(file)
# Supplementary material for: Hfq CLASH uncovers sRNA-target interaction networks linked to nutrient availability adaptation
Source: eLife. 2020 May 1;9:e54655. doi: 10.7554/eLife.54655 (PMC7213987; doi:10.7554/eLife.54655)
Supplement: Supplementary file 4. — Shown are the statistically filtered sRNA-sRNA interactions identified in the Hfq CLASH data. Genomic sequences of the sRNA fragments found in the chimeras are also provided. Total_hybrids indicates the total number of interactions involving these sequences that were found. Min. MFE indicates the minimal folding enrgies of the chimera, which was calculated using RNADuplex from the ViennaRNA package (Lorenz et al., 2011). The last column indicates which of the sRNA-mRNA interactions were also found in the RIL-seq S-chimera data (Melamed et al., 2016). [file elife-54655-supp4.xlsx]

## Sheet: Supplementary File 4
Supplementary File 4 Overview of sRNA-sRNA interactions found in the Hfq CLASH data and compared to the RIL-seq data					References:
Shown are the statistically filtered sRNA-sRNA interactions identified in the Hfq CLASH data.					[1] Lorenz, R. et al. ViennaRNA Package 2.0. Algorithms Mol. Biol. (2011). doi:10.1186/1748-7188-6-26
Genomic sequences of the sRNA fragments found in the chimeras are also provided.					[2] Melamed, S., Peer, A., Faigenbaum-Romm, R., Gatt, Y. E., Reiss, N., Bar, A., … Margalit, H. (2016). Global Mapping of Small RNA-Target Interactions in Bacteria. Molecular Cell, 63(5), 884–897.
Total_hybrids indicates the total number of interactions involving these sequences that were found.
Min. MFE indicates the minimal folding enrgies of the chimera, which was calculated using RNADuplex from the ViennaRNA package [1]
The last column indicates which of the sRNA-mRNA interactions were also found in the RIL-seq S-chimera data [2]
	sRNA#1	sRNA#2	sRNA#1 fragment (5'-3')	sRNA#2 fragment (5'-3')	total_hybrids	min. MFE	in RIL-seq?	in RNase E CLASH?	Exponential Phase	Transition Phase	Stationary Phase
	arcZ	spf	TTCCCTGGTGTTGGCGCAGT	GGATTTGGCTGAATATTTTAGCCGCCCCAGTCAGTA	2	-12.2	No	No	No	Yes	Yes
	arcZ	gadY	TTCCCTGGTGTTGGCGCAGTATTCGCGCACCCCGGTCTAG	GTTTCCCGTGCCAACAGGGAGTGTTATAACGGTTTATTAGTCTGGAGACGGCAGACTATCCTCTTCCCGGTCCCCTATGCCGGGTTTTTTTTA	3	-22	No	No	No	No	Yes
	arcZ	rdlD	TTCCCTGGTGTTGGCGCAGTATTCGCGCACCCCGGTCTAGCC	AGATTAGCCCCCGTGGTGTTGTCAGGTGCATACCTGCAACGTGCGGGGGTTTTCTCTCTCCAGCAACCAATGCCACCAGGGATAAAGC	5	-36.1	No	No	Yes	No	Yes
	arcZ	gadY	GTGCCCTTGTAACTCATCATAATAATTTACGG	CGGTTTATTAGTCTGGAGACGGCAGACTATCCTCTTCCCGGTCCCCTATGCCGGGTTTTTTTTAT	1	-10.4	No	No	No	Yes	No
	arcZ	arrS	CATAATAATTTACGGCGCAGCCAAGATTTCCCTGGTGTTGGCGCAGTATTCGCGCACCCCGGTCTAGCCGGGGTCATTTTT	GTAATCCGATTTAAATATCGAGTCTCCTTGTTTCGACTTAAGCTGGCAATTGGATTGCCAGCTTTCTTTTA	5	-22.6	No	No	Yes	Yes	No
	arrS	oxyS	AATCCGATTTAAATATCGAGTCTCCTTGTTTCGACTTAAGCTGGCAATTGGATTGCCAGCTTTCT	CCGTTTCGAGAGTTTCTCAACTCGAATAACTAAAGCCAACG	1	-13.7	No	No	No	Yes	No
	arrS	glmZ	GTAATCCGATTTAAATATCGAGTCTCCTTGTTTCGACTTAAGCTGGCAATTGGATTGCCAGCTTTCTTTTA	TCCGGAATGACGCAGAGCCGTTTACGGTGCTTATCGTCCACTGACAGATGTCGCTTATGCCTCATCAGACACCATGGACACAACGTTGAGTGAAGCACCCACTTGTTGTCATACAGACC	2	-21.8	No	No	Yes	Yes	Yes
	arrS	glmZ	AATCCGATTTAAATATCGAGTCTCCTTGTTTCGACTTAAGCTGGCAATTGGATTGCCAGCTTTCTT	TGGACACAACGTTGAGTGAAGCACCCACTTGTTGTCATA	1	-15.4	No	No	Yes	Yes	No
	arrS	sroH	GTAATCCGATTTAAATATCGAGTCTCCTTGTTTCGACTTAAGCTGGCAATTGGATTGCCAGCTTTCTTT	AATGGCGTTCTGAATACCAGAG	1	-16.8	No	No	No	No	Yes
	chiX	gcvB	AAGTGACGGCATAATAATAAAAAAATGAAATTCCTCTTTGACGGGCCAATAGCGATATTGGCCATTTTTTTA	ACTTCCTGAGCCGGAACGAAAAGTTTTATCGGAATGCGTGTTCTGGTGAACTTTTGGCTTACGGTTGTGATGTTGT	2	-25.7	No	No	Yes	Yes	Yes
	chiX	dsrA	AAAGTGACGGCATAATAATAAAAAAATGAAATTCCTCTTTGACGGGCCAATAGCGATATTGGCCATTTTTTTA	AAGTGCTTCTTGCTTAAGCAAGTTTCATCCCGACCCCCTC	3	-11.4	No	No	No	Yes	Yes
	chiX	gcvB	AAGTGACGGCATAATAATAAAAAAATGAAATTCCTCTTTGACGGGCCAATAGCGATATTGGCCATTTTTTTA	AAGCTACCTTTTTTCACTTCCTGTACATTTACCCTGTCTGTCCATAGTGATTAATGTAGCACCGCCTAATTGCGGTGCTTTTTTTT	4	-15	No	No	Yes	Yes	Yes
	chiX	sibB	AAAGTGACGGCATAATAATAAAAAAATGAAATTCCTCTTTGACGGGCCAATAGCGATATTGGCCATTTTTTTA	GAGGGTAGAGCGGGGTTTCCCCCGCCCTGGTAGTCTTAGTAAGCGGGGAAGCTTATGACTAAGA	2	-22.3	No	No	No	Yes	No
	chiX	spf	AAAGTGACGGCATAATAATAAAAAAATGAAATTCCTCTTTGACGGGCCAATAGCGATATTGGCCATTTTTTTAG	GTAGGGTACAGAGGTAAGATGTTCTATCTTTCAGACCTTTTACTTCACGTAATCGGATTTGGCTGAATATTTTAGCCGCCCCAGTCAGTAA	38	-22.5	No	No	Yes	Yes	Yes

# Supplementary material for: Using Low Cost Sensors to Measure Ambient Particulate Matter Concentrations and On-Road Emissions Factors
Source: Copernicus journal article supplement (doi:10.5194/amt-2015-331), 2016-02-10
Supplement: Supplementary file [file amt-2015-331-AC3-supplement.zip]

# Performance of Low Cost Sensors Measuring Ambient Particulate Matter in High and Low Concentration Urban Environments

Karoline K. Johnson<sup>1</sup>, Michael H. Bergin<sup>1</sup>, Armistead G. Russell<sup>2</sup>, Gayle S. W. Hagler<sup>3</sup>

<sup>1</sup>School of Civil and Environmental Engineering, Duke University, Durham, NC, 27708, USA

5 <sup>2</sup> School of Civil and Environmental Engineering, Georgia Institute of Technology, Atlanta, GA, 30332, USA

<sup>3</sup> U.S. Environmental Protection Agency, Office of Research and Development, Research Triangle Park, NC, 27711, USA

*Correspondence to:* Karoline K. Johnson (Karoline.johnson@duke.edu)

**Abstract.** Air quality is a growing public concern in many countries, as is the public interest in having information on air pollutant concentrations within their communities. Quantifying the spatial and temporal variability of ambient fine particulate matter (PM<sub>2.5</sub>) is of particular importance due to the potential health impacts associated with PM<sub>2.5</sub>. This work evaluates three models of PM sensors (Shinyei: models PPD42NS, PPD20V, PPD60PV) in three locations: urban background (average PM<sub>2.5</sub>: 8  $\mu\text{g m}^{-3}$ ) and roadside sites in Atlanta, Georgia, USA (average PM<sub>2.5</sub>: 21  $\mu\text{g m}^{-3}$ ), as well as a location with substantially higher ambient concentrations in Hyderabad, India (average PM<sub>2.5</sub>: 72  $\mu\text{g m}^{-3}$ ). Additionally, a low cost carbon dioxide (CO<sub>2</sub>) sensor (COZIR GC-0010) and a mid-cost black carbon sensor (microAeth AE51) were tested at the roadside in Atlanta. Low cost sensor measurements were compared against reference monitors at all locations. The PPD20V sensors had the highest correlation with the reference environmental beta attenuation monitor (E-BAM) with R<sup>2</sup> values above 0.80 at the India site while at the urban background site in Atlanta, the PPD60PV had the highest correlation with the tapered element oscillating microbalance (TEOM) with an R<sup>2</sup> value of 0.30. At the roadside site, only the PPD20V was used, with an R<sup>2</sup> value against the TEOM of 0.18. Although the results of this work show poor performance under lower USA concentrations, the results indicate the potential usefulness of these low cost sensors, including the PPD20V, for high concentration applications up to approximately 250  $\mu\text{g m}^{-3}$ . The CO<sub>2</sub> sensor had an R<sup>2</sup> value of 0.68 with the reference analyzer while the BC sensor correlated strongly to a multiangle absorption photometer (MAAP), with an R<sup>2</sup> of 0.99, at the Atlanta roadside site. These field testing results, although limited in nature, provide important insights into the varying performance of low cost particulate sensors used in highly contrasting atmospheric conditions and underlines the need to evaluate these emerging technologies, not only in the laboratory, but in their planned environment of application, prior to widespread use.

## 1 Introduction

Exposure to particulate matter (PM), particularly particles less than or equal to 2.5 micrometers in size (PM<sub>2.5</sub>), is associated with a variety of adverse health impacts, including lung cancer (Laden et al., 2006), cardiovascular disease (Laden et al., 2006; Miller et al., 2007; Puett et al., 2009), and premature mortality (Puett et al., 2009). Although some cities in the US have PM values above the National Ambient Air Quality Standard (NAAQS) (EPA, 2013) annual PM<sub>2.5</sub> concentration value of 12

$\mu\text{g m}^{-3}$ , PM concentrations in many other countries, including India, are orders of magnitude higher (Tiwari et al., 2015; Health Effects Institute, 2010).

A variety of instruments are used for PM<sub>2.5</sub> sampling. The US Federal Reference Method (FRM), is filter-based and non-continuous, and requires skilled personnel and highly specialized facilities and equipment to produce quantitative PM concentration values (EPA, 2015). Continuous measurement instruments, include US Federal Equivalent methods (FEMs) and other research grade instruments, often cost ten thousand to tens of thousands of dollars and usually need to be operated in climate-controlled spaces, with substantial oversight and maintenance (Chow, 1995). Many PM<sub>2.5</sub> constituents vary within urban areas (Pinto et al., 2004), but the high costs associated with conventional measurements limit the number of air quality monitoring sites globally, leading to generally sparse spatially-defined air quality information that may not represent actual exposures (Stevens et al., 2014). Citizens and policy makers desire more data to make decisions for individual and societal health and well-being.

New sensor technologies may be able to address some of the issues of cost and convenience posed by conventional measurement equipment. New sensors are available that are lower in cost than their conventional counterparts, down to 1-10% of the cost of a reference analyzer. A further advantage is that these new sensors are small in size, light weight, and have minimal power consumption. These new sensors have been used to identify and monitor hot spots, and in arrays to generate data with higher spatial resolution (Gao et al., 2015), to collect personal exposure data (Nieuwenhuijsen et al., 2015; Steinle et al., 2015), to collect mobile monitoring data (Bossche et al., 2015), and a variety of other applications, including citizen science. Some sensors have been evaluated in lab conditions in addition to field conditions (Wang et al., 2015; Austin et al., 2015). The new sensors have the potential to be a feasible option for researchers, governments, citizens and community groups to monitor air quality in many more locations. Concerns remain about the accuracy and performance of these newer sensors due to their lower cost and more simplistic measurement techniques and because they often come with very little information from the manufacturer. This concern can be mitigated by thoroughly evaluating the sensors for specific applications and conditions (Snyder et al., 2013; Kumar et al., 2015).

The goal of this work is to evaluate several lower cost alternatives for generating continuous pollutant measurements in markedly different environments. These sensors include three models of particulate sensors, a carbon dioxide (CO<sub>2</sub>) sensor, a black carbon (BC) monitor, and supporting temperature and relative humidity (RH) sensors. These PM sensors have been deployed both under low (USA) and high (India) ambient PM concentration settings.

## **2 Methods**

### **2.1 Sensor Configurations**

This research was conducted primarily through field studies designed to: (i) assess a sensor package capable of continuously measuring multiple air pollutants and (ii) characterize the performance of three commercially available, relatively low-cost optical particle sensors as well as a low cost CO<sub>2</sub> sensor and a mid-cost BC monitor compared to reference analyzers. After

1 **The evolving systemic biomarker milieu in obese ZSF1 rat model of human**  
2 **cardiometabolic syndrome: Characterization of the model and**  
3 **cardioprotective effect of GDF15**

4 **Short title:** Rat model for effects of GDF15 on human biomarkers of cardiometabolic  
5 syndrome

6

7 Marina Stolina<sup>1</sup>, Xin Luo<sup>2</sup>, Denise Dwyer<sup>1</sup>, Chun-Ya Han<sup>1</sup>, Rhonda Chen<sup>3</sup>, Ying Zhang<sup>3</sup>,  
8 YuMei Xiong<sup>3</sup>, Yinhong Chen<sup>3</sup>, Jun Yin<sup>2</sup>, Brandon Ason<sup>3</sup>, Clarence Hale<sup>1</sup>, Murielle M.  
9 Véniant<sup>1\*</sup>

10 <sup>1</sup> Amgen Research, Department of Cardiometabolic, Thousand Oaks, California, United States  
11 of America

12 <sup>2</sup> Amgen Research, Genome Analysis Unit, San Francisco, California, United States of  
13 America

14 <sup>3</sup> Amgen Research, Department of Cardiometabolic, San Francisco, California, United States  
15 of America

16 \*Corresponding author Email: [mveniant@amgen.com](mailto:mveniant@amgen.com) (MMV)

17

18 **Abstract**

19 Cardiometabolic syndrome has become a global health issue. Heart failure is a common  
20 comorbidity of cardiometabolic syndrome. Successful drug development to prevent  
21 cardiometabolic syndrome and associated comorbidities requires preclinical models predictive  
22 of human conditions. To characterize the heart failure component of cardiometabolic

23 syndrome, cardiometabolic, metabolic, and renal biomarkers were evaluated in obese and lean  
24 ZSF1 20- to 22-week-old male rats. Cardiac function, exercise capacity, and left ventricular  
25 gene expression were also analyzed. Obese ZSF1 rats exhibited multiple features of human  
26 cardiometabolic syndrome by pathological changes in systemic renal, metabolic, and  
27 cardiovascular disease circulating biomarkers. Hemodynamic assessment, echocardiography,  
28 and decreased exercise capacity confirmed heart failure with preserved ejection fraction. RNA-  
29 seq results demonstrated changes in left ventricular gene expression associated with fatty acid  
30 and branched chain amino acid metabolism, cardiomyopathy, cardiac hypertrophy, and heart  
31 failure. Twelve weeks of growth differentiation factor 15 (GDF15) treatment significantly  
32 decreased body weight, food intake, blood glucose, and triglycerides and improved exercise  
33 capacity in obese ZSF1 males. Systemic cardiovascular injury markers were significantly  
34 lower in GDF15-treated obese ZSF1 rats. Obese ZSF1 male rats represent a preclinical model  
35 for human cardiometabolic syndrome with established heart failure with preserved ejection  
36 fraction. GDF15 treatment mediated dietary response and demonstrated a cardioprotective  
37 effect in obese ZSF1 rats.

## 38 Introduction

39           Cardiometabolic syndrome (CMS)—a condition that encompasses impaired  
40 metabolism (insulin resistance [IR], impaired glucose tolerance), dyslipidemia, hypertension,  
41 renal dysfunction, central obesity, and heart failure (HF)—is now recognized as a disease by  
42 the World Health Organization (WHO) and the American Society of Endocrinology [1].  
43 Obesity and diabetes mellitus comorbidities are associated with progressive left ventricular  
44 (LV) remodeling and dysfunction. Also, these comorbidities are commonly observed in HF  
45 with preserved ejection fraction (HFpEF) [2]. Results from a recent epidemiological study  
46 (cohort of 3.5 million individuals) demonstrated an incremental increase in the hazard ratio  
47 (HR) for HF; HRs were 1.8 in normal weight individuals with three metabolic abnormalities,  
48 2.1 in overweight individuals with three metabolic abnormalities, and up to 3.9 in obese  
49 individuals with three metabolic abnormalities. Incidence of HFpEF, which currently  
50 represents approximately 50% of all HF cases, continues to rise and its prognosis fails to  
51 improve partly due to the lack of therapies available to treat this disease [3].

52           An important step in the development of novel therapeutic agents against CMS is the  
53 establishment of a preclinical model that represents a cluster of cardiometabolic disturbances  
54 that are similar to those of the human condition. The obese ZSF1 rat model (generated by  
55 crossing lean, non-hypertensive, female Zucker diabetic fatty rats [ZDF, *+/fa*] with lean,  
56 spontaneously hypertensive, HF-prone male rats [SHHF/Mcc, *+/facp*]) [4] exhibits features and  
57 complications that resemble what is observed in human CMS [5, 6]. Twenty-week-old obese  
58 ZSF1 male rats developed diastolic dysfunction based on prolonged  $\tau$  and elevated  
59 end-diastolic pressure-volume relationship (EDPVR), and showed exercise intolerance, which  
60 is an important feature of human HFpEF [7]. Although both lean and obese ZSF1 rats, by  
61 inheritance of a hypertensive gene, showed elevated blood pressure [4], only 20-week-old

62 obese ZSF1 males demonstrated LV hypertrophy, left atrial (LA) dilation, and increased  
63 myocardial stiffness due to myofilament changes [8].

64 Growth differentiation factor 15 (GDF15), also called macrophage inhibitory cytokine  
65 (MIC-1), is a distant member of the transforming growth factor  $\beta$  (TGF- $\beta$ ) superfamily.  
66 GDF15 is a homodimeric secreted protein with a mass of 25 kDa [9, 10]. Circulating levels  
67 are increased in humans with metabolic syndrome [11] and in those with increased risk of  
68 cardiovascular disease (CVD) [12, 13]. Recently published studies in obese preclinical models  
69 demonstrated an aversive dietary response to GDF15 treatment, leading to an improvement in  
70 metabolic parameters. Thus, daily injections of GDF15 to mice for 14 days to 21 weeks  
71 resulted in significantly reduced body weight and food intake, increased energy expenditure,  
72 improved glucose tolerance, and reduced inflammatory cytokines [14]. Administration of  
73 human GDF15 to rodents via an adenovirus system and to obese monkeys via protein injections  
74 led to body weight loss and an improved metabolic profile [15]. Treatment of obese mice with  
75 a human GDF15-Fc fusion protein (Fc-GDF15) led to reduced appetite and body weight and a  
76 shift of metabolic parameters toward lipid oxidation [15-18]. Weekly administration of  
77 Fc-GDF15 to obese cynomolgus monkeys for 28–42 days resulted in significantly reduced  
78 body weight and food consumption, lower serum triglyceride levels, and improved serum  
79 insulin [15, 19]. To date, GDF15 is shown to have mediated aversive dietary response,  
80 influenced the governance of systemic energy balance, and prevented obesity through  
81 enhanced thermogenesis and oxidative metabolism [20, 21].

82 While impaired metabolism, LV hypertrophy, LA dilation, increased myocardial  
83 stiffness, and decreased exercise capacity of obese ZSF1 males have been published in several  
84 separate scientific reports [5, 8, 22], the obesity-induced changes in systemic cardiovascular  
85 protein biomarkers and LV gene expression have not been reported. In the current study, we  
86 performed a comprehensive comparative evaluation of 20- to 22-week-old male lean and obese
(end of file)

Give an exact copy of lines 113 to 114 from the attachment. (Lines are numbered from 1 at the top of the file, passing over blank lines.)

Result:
69 demonstrated an aversive dietary response to GDF15 treatment, leading to an improvement in  
70 metabolic parameters. Thus, daily injections of GDF15 to mice for 14 days to 21 weeks  